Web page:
• laravel/sanctum - api tokens authentication with scopes

In this case, a good practice would be to use a package that meets your needs, has official support, and has contributions from the community.

The Right Configuration For Your Environment

Let’s imagine that you push your code to the production environment, and in your production .env file, you set the key APP_ENVIRONMENT=local and APP_DEBUG=true.

In this case, every time that your app throws an error, it would show the stack trace of the exception and it would probably reveal more than you would like.

security in Laravel

A stack trace screen would appear to any potential attacker. The technology that is used on the project – the database table and its structure, and the application directory structure – shows there might be more vulnerabilities to explode. With this in mind, take care of the environment file values, but take special care of those two keys.

Software/Packages Updates

By the time your project dependencies get updated, the package authors or the community could find vulnerabilities, like a patch, for example. That is why is so important to update every package that your app has – at least as a production dependency.

You can update your packages by simple running a composer/npm command:

composer update npm update

This command updates the current package/dependencies version. If you want to update to a major release you can execute:

composer outdated
npm outdated

Password Vulnerabilties

Any password should be hashed. Luckily, Laravel provides more than one way to hash data:

bcrypt('LaravelIsCool');
Hash::make('LaravelIsCool');

The APP_KEY is used to encrypt and decrypt data, but it can also be used for signed routes too. This has no relation with hashes, so use it with confidence.

Prevent CSRF Attack

Laravel API security also goes the extra mile with a mechanism to protect the application against CSRF attacks. This type of attack is very difficult to replicate and we do not need to cover it as the framework does it for us.

A CSRF attack makes a request from another browser tab and tries to submit malicious requests to the application. Laravel protects us against these attacks. Every request generates a token that changes on every request. This token would be known only by the application and every request should have this token to validate that the request comes from the same server.

In blade, you can use the directive @csrf:

<form method="POST" action="/profile">
    @csrf
    <!-- Equivalent to... -->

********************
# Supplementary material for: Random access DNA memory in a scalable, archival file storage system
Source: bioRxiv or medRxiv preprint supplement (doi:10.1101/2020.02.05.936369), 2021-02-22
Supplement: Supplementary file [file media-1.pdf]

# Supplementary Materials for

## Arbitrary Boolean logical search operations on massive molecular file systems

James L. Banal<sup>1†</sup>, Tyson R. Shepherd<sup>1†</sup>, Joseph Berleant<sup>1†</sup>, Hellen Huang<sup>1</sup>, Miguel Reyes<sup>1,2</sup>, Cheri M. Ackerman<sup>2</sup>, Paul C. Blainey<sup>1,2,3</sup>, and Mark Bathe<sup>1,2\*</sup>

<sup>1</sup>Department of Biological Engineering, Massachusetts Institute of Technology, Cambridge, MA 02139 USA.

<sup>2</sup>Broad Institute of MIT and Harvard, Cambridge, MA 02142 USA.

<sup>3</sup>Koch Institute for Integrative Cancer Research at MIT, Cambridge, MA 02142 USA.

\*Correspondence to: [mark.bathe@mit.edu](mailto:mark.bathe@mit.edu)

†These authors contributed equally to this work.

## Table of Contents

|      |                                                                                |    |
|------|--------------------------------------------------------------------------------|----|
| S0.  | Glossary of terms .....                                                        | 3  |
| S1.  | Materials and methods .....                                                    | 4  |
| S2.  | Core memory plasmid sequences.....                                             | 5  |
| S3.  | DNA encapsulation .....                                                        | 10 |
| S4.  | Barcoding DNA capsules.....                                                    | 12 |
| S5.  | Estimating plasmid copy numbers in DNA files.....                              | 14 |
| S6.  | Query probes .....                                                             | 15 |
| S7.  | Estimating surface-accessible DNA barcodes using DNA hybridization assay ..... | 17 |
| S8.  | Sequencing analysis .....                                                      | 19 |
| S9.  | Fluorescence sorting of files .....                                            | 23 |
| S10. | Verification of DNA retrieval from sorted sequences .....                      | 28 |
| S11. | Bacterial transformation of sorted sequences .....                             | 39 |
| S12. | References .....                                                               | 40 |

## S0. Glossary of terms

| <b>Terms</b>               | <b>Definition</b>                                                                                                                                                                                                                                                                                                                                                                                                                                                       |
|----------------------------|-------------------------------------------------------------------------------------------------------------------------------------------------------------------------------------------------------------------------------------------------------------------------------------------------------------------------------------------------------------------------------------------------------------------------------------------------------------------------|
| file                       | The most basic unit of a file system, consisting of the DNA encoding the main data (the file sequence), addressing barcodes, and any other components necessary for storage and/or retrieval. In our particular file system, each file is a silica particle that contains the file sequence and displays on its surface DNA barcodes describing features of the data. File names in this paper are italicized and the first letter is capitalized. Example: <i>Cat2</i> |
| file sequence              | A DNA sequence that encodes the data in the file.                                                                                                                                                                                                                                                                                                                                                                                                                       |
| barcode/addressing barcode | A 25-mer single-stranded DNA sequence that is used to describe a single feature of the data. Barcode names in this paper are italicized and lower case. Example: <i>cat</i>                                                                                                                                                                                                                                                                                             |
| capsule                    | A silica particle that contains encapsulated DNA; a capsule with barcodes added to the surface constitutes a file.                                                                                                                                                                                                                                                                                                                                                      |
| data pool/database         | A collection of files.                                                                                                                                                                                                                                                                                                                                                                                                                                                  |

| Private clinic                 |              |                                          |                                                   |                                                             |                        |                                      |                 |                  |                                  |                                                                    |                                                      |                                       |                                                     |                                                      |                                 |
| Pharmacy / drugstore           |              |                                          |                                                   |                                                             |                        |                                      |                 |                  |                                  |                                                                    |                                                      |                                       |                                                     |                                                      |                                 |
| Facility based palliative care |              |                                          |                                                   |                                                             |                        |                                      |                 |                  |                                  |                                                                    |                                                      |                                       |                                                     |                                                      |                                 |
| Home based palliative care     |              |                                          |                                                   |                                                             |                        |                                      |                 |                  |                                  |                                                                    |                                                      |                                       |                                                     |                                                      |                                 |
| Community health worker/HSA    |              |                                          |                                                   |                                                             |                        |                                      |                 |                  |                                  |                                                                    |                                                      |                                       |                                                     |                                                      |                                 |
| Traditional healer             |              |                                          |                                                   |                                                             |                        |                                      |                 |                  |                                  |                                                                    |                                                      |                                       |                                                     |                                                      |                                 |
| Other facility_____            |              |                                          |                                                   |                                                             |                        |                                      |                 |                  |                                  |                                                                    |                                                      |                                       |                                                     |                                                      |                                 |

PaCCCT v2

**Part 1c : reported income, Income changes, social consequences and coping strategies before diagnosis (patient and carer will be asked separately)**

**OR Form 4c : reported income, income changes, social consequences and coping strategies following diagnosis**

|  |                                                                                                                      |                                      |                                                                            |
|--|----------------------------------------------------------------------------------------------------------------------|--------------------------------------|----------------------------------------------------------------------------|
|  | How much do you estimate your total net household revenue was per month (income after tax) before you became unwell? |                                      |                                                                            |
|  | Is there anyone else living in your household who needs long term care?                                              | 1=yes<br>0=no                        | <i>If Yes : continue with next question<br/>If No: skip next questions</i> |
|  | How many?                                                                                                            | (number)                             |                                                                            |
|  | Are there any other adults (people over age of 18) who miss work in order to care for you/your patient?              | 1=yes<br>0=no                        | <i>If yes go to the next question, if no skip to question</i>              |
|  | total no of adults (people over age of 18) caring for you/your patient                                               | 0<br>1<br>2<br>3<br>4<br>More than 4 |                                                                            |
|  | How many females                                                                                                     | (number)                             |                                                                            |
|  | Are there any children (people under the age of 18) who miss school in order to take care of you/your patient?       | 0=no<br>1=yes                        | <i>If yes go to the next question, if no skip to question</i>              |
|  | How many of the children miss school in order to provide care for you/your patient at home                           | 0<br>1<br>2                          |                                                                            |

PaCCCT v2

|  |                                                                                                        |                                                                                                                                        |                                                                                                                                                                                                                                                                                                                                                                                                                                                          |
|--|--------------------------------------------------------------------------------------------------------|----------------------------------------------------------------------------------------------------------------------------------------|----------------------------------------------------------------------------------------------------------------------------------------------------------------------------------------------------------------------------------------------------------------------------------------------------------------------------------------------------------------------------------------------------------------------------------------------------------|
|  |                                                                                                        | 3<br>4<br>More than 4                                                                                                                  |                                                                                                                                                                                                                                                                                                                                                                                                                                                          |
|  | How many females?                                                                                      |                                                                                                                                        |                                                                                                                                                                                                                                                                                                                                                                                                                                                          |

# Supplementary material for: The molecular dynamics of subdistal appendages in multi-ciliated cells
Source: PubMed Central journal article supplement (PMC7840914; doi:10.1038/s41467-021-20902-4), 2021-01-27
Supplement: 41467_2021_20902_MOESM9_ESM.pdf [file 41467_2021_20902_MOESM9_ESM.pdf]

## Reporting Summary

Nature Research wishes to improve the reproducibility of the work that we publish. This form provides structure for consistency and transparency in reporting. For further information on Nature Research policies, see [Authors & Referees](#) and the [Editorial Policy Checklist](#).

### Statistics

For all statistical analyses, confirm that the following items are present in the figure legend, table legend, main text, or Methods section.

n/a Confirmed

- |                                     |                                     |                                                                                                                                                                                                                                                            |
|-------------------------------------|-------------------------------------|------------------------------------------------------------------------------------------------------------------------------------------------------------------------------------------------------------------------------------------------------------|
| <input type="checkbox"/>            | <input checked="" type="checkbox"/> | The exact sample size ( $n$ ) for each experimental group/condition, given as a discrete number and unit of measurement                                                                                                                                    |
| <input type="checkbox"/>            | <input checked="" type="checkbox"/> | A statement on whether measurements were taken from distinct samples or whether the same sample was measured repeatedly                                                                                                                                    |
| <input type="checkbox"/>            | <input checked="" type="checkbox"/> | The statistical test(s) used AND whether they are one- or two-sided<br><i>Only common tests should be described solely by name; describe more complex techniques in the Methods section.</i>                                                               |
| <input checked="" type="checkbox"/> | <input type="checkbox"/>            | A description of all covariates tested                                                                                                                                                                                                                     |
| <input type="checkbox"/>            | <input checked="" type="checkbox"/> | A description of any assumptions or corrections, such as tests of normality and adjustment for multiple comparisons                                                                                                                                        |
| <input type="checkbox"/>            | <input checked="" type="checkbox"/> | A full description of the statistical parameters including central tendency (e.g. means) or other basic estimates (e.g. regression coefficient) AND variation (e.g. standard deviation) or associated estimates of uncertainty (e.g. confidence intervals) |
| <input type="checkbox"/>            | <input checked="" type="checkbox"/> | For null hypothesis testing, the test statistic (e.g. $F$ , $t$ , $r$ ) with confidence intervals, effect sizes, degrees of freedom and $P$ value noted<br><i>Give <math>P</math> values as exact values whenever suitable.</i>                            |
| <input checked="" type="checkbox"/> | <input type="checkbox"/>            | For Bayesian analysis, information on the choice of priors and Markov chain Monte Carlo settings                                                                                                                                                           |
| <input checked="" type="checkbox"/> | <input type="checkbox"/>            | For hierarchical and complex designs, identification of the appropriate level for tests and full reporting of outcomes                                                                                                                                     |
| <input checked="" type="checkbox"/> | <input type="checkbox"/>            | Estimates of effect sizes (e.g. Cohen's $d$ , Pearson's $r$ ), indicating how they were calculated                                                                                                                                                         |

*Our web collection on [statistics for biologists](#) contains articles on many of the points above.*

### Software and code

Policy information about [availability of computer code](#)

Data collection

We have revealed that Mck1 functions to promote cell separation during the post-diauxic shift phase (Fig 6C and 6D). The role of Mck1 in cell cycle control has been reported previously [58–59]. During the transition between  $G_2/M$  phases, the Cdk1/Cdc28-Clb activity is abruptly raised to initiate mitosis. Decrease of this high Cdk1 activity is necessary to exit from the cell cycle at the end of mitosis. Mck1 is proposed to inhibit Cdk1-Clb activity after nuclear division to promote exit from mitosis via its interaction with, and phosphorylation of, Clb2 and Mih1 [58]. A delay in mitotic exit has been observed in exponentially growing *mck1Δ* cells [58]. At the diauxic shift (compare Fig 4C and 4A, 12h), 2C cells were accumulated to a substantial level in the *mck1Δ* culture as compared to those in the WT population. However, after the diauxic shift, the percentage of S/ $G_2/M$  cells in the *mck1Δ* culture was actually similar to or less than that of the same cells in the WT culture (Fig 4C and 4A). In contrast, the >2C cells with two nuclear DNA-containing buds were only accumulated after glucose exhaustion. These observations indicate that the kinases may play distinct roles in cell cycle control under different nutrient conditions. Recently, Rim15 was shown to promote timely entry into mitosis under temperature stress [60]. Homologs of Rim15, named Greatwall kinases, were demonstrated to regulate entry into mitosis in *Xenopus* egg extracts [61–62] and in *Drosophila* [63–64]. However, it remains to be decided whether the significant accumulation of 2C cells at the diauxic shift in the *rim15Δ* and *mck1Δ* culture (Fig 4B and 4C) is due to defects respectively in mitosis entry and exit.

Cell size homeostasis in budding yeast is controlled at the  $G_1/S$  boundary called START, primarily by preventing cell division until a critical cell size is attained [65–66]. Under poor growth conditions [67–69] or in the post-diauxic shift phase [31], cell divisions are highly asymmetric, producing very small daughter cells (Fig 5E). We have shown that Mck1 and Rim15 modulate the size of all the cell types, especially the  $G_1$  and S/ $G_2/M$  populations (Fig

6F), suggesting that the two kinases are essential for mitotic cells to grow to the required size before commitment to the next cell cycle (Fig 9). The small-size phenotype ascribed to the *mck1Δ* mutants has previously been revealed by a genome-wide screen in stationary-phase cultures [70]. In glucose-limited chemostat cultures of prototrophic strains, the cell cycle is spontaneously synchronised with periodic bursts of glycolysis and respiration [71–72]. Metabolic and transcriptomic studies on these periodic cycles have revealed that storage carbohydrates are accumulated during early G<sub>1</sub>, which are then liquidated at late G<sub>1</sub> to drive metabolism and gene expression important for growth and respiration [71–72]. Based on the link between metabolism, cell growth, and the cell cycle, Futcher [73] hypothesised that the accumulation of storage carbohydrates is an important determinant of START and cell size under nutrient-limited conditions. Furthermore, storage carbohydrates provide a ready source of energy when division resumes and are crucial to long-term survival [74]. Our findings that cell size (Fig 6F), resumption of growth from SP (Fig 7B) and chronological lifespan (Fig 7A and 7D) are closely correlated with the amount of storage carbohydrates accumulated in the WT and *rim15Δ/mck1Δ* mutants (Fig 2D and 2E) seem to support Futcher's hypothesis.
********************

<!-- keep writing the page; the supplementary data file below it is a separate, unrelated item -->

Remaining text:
<input type="hidden" name="_token" value="{{ csrf_token() }}" />
</form>

To exclude some requests that come from a webhook that was created outside of our application, there is a protected property $except in the VerifyCsrfToken middleware:

protected $except = [
    'stripe/*',
    'http://example.com/foo/bar',
    'http://example.com/foo/*',
];

Prevent DOS Attack

These types of attacks can be divided into two popular categories:

DOS Attacks That Send a Lot of Requests

These attacks would send a lot of PHP requests that are not closed. The server responds to multiple requests until it cannot support more requests and the memory fails, resulting in our server going down. An example of these attacks could be a "slow loris" attack.

Laravel throttle middleware and RateLimiter help us to handle these attacks by IP. It's important to remember that in your app context, you can handle, but not stop requests from the outside world. You should need other dev-ops tools and server platform tweaks to mitigate these attacks.

DOS Attacks That Send Large Files to Consume the Server Memory

Another variety of this attack could be in a public form. Maybe your application has some public form to submit a file. In this case, large files can exhaust the server memory. Keep in mind that the server should be serving data/resources to other users and handling this type of submits all at the same time.

To handle this attack, you can use the Laravel API security validator to validate the file from the request. Here is an example:

//file is exactly 512 kilobytes.. 
'photo' => ['mimes:jpg,bmp,png', 'file', 'size:512'] 
// file max size is 512 kilobytes.. 
'photo' => ['mimes:jpg,bmp,png', 'file', 'max:512']

Additional Security Tips

Here is a list of tips that could increase your app security:

Use a Honeypot on Any Public Form

Any public form can be submitted by anyone. To avoid malicious requests from bots, you can set a hidden input. The bots would fill the input (a normal user should not fill a hidden input), and then you can use the prohibited validation rule from Laravel validator:

// this input should never comes in the request 
'honey_pot_field' => ['prohibited'],